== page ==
I’ve been so focused on the giving side of things lately that I haven’t spent as much time on the asking side. Nonprofits are hurting. Estimates are that giving was down 30% in October alone – I can’t imagine what November and December are going to look like. Stories like this one about Goodwill Industries are becoming typical; basically donations are down and demand for services are up.
However, ironically, maybe even paradoxically, the Chronicle reports that while gift buying is down people still intend to give to their favorite caues this holiday season.
So, what gives — or maybe, more accurately, who gives? I’m guessing (and really it’s just a guess) that people in their heart of hearst want to report that they will causes they feel passionately about, even when their wallots say they shouldn’t and when nonprofit spreadsheets say they aren’t. So, the real question isn’t whether donations are up or down, but how can we activate a lot of people who want to give to each donate a little this holiday season?
Part of what we have to overcome is the oversolicitation of donors who are turned of by being treated like ATM machines. Indiana University’s Center on Philanthropy’s new report (this is only a summary, the full report is due out in early 2009) on why donors stop giving puts it more politely as, “no longer feeling connected to the organization.”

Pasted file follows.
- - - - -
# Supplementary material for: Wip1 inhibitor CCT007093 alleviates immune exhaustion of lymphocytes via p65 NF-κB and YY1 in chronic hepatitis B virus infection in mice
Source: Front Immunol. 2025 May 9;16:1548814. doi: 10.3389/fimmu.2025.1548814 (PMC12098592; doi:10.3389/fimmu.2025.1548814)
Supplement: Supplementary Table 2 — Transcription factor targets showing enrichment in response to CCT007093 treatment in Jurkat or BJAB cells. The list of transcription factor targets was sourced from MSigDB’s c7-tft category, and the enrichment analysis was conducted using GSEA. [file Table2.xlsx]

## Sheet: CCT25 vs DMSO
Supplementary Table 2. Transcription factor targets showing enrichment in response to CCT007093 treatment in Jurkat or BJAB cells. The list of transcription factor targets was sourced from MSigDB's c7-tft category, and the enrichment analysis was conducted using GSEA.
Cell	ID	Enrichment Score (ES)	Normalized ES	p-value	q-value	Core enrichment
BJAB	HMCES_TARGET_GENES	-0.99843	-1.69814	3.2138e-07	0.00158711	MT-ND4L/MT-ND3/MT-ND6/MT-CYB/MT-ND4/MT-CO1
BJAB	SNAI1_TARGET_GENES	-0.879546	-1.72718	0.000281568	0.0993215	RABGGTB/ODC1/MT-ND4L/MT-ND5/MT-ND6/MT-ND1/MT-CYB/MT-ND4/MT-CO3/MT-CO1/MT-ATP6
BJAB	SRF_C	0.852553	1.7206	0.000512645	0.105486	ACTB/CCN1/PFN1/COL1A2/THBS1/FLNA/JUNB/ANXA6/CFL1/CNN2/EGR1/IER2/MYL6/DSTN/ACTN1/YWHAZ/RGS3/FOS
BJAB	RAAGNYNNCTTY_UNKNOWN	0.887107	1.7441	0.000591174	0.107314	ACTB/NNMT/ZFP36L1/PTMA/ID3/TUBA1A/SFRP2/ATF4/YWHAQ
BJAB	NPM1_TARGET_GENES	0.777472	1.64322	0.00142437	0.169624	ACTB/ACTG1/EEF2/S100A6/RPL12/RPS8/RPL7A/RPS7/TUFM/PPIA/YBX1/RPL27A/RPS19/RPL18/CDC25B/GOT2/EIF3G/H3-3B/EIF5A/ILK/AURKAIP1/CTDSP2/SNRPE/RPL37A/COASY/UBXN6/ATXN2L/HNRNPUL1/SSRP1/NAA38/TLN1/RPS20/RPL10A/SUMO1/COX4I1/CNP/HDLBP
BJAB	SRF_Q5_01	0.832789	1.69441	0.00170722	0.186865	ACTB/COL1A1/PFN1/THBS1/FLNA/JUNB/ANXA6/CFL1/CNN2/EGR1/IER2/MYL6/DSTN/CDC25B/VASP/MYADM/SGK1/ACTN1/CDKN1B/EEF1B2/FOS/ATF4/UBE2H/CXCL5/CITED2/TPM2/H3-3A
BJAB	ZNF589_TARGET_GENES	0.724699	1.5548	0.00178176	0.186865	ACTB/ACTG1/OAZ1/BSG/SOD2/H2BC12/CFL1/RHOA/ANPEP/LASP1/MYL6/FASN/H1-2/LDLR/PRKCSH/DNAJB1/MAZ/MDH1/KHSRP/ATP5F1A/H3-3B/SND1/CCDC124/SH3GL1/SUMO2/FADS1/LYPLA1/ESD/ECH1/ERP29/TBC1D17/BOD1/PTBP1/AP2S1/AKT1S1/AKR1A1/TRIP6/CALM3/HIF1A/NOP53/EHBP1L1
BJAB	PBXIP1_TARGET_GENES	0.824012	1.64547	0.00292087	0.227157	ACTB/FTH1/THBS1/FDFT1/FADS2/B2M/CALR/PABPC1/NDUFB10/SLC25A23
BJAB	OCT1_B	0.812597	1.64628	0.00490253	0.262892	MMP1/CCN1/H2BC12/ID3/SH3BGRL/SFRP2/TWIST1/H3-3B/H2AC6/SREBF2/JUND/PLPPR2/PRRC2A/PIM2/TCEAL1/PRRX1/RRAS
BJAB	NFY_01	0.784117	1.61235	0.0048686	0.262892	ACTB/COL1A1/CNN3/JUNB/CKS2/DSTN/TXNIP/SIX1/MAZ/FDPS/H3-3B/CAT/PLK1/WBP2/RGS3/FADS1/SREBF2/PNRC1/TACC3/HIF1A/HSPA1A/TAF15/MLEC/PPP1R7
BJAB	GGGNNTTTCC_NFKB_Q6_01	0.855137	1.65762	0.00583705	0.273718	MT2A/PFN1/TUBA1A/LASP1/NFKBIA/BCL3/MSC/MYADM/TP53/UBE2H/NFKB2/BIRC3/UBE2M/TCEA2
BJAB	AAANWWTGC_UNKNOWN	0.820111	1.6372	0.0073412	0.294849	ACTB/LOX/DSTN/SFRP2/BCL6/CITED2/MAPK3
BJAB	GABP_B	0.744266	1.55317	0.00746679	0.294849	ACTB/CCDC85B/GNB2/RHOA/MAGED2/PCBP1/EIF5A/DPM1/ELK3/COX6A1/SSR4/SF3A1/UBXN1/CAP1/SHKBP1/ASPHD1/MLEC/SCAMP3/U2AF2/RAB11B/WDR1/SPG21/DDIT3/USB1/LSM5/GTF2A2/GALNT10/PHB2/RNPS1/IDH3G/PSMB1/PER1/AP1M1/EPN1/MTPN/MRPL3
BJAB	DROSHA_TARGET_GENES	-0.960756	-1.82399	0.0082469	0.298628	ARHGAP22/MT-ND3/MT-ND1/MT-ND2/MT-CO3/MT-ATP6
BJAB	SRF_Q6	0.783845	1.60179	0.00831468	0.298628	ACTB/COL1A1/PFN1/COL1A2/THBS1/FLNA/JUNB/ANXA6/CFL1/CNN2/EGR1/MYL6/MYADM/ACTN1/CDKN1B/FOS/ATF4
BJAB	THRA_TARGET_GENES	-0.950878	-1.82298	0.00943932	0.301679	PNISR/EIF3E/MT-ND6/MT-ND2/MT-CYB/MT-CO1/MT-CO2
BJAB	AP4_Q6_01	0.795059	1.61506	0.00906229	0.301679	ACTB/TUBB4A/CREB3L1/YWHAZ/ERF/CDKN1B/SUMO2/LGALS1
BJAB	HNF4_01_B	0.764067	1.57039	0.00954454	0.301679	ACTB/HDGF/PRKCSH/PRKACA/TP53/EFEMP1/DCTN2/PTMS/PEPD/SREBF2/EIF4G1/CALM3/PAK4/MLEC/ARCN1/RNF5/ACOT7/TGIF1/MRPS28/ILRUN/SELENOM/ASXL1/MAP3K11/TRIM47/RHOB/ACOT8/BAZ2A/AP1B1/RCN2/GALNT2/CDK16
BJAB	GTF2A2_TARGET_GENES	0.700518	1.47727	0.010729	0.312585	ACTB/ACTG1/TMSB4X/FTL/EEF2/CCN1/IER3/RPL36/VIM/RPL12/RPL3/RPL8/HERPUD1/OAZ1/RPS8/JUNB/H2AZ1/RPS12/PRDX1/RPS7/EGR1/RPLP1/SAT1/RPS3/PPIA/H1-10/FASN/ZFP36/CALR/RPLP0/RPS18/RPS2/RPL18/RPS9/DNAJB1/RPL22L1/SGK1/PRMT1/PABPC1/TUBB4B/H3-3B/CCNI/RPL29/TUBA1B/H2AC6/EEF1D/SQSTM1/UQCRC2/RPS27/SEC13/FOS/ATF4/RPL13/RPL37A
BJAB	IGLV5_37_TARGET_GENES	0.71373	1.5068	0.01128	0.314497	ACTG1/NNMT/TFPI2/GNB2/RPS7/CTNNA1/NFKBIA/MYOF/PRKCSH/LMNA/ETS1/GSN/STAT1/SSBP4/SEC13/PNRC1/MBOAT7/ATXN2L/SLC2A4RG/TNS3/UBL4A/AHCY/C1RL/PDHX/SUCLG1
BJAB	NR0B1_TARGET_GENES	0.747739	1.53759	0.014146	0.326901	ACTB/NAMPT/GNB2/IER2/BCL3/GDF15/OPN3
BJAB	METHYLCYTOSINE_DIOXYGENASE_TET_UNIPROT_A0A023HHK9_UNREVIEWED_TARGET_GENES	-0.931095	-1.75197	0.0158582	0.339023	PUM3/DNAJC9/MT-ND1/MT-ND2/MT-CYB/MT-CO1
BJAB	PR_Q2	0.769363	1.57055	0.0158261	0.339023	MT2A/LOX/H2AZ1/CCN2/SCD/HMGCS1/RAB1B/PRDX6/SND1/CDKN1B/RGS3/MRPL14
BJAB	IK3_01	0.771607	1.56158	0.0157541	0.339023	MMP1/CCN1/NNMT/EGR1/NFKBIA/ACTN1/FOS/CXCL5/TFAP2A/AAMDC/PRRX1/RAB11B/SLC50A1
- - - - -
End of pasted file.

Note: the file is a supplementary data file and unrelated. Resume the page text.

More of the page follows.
Connectedness trumps wizardy. This is always true but particularly relevant now when belts are being tightened. It is the only way to make donors big and small feel welcome, appreciated and needed. Katya Andreson reports on a presentation that the fundraising guress Kim Klein at Network for Good this week. Kim’s suggestions for raising money in tough economic times were:
1. Encourage your donors to give the gift of charity. It’s the holidays. People are buying gifts. Have them make that the gift of charity.
2. Call all your major donors. She says, “The tendency right now is to think, “Oh, these poor people. They lost so much money.” So you don’t call them. What you actually wind up saying to them, even though you don’t mean to, you wind up saying to them, “All we cared about was your money. Now that you don’t have so much money, I can’t be bothered to call you.” And that is really,
really, really not a message you want to give. You want to welcome them. You want to write to them and use a follow-up phone call to say something like, “We thank you for all you’ve done for us over the years. We are determined to hang in there and continue to do our work as best we can. We hope you will support us at whatever level feels acceptable to you.” Focus on the donor, not the donation!
3. Tell 70+ donors how to save on taxes! She says, “You can transfer up to $100,000 in any given year directly from their IRA to a charitable organization and they pay no income tax on that. Normally if you withdraw money from your IRA you pay a tax, whatever tax bracket you’re in that year. And of course if you donate it, you claim that tax donation. This is a very nice provision that allows you to avoid taxation and still claim the donation, so it’s kind of a double tax advantage.”
4. For smaller organizations especially, share a wish list! She says, “Tell people, this is the stuff we need. We need four ergonomic chairs. We need 10 printer toner cartridges. We need 75 reams of paper. We need new filing cabinets.” And you just kind of list all the stuff, everything in your budget.”